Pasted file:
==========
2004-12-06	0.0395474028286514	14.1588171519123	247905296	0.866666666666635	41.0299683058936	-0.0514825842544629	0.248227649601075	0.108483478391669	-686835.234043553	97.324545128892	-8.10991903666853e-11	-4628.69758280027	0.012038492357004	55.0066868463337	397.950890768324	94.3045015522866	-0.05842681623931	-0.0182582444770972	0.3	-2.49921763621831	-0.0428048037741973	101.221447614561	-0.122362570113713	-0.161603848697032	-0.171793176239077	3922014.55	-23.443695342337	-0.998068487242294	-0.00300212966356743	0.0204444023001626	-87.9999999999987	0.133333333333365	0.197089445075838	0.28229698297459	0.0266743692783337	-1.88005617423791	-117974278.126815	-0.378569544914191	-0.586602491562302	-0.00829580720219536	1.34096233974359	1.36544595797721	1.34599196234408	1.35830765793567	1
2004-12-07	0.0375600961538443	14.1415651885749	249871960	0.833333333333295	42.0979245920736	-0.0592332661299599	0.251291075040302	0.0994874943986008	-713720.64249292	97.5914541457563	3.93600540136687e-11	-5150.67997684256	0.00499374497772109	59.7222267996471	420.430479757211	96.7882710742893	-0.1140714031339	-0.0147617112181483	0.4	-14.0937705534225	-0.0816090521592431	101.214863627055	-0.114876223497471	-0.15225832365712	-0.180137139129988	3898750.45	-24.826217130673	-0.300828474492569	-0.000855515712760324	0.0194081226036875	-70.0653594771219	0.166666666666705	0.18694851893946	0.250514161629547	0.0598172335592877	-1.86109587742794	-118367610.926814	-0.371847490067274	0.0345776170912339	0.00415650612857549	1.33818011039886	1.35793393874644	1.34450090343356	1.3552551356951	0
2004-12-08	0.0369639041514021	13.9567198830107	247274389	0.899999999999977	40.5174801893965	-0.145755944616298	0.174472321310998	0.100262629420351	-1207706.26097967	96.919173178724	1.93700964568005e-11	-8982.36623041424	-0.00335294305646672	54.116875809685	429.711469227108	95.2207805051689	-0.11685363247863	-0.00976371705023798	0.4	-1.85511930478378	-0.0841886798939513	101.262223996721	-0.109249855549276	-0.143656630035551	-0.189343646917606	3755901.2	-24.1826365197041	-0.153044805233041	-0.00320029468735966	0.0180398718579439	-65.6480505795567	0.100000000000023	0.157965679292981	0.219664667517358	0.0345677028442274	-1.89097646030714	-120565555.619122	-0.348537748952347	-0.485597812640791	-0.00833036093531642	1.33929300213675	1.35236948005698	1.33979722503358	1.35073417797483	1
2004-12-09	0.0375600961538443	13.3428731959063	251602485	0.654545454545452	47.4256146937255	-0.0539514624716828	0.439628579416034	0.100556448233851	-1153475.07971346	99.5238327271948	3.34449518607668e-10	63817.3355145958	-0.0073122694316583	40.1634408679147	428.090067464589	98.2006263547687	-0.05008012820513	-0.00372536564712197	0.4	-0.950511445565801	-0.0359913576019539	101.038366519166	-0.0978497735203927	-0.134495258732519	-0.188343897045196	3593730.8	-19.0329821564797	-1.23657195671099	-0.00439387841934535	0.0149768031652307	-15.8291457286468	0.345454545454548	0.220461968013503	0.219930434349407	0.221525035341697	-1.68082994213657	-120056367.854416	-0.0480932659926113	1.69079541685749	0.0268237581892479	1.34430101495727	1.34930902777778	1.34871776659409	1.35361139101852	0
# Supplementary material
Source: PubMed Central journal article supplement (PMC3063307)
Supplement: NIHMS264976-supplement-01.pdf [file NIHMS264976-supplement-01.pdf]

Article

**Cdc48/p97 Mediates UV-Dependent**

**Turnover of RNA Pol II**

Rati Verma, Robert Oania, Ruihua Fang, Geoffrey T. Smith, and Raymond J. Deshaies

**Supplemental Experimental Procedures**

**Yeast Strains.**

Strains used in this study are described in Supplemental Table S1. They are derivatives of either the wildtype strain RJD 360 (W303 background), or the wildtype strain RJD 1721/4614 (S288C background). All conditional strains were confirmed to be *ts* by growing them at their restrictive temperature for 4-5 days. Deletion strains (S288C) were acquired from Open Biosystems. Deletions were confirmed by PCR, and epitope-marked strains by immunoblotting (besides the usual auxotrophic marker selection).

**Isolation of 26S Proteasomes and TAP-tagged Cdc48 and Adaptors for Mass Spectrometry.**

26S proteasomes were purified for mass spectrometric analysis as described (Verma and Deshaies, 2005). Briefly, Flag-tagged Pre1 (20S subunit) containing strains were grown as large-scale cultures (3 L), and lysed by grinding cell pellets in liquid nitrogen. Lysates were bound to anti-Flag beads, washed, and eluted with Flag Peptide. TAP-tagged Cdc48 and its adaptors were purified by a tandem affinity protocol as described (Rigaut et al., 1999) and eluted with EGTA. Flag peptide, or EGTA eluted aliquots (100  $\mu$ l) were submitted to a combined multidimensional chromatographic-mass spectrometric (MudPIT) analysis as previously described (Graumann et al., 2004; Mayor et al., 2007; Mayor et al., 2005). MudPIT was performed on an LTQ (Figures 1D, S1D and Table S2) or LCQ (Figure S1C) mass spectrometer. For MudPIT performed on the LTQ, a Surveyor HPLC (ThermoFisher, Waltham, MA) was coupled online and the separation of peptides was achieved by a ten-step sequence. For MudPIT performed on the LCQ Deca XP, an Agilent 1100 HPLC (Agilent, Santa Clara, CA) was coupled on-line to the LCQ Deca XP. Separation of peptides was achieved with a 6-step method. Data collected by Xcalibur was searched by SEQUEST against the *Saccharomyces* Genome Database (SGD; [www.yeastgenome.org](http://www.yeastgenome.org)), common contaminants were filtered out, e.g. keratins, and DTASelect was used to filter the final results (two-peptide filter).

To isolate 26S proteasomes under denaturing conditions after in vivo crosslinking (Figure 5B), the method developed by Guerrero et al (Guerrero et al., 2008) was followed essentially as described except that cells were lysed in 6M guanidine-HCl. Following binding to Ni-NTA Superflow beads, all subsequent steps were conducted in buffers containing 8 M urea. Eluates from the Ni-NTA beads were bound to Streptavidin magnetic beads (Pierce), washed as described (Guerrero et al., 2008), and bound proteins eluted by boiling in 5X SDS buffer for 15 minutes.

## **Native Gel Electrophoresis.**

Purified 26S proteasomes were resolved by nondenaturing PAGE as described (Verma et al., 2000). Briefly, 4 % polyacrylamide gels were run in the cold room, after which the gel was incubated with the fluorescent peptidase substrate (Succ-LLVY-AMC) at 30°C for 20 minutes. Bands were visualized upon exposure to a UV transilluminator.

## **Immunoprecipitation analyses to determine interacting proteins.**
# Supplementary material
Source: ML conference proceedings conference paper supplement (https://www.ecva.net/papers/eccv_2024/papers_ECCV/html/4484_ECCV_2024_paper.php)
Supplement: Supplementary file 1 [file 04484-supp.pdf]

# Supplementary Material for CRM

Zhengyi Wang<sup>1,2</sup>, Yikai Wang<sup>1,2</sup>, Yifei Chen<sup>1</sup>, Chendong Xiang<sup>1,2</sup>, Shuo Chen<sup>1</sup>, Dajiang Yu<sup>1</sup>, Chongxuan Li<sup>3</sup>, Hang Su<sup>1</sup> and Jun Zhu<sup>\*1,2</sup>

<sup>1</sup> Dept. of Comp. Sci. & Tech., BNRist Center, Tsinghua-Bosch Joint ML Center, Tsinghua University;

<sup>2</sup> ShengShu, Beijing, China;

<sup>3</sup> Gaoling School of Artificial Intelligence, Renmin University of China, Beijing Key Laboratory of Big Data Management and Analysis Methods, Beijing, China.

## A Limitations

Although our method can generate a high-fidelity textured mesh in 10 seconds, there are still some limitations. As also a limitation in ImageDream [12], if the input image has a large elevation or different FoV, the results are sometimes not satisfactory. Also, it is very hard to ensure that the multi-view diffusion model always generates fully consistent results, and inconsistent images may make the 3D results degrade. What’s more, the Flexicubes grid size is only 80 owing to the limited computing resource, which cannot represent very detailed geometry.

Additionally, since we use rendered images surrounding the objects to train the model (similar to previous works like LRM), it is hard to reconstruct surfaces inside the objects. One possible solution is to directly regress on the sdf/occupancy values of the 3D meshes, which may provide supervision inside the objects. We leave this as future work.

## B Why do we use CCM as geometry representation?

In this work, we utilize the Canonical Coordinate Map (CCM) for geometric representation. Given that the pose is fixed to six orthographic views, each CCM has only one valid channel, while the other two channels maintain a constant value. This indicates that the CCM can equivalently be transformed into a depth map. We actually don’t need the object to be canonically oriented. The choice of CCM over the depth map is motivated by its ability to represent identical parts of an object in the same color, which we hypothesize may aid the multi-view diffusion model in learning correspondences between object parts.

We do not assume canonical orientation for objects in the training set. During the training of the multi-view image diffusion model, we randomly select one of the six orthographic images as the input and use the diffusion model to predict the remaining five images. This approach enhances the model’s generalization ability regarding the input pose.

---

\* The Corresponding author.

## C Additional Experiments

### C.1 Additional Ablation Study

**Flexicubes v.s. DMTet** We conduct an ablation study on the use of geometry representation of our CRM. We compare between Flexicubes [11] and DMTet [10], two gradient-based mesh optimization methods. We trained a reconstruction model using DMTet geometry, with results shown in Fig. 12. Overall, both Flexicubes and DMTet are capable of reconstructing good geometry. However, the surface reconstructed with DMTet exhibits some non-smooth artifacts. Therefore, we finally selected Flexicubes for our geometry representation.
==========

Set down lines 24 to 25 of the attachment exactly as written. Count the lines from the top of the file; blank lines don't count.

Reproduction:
# Supplementary Material for CRM

Zhengyi Wang<sup>1,2</sup>, Yikai Wang<sup>1,2</sup>, Yifei Chen<sup>1</sup>, Chendong Xiang<sup>1,2</sup>, Shuo Chen<sup>1</sup>, Dajiang Yu<sup>1</sup>, Chongxuan Li<sup>3</sup>, Hang Su<sup>1</sup> and Jun Zhu<sup>\*1,2</sup>